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Sitting down for “Lunch in Paris” with Elizabeth Bard

I enjoyed hot chocolate, a great table, and good conversation with Elizabeth Bard at Angelina’s near the Louvre on my trip to Paris last year Look, there are her fingers!

Angelina's for hot chocolate

Elizabeth came to Paris almost a decade ago and never really left. While she was studying abroad, she fell in love with a Frenchman, eventually married him, and slowly learned how to make a life in the city of lights. Her story is told in her new book Lunch in Paris: A Love Story, with Recipes which includes dozens of recipes that marked special moments during her transition. These include recipes for seduction, meals to warm you up when your apartment doesn’t have central heat, and slimming summer recipes for the bikini days of French vacation.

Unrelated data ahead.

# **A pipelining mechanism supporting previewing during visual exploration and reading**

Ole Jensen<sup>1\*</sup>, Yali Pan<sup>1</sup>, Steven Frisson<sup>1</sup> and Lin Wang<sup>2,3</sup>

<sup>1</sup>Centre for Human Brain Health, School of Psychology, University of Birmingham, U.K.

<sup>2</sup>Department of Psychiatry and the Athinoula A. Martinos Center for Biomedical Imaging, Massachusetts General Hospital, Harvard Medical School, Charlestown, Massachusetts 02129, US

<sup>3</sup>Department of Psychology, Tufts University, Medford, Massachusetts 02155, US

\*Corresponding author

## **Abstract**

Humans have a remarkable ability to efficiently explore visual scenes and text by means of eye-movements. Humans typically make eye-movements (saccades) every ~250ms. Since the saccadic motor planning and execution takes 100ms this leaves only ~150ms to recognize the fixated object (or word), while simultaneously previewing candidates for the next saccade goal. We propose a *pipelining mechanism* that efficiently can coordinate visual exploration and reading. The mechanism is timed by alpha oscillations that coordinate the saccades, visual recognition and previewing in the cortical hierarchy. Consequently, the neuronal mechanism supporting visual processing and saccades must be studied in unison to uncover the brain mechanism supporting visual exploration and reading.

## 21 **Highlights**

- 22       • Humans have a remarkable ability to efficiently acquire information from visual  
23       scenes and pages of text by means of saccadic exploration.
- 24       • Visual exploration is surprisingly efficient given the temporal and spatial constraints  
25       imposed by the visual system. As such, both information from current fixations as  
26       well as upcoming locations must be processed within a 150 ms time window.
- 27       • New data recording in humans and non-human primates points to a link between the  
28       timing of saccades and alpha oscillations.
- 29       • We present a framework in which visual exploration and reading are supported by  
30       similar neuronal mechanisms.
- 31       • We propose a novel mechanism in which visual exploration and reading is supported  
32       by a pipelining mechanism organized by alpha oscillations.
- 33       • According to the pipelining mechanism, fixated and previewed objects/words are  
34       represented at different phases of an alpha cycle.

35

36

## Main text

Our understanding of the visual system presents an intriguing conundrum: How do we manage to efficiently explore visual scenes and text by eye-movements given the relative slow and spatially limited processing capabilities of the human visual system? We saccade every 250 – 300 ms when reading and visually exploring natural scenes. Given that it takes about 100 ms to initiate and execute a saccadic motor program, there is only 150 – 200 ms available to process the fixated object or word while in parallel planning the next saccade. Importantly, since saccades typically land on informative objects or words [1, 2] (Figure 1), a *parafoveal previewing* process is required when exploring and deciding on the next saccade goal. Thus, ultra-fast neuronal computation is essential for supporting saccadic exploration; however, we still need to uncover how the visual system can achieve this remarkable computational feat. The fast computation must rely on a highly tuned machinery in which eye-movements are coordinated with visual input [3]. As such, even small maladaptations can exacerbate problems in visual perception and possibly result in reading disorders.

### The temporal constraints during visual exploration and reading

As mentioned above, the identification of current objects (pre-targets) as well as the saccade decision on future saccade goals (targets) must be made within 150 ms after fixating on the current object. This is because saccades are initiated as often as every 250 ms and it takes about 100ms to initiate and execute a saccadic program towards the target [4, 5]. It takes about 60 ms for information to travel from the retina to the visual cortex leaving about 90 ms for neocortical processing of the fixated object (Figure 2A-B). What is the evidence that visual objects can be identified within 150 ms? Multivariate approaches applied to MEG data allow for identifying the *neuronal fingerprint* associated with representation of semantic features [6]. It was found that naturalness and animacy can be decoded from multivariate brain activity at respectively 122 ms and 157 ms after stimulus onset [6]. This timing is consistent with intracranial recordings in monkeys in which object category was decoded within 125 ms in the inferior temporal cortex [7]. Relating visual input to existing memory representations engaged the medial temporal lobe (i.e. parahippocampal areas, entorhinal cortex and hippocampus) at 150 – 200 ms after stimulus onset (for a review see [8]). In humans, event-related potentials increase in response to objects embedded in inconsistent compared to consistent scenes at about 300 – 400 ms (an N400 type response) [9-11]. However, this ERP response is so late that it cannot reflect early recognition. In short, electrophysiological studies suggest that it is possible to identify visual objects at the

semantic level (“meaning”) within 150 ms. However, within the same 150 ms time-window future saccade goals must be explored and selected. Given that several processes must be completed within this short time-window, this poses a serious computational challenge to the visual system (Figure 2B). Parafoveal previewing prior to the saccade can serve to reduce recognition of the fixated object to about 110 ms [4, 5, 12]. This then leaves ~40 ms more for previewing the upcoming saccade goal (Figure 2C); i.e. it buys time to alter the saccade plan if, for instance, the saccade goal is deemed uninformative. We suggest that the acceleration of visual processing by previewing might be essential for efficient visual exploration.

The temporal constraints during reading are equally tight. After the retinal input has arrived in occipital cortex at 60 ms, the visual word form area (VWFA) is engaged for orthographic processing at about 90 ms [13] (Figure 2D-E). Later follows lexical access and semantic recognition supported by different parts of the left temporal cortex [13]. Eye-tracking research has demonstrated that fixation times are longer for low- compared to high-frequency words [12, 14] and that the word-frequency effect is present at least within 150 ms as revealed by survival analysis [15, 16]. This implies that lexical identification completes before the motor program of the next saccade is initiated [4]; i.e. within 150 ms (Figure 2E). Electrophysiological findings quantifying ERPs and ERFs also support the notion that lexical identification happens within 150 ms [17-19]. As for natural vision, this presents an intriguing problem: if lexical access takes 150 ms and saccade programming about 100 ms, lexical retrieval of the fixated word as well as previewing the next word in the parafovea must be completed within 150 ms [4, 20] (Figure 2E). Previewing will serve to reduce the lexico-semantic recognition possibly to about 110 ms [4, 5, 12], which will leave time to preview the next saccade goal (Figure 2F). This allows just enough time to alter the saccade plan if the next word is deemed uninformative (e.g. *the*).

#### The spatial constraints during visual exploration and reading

Lunch in ParisI talked to Elizabeth about her book and particularly about what anyone can do to make their kitchen more “Frenchie.” You can catch up with her on the Lunch in Paris Facebook fan page.

Q: One of the most obvious traits of French cooking that I noticed in your book was the tendency to buy fresh fruits, vegetables and meat at markets. Is it easier to find open air markets in France than in America? And how does cooking with fresh ingredients affect the quality of the final meal?

I think the most important thing I’ve learned while shopping and cooking in Paris is that if you start with good things – you don’t need to do much to them to make them taste great. A little olive oil, a hot frying pan and an open bottle of white wine and you’re good to go.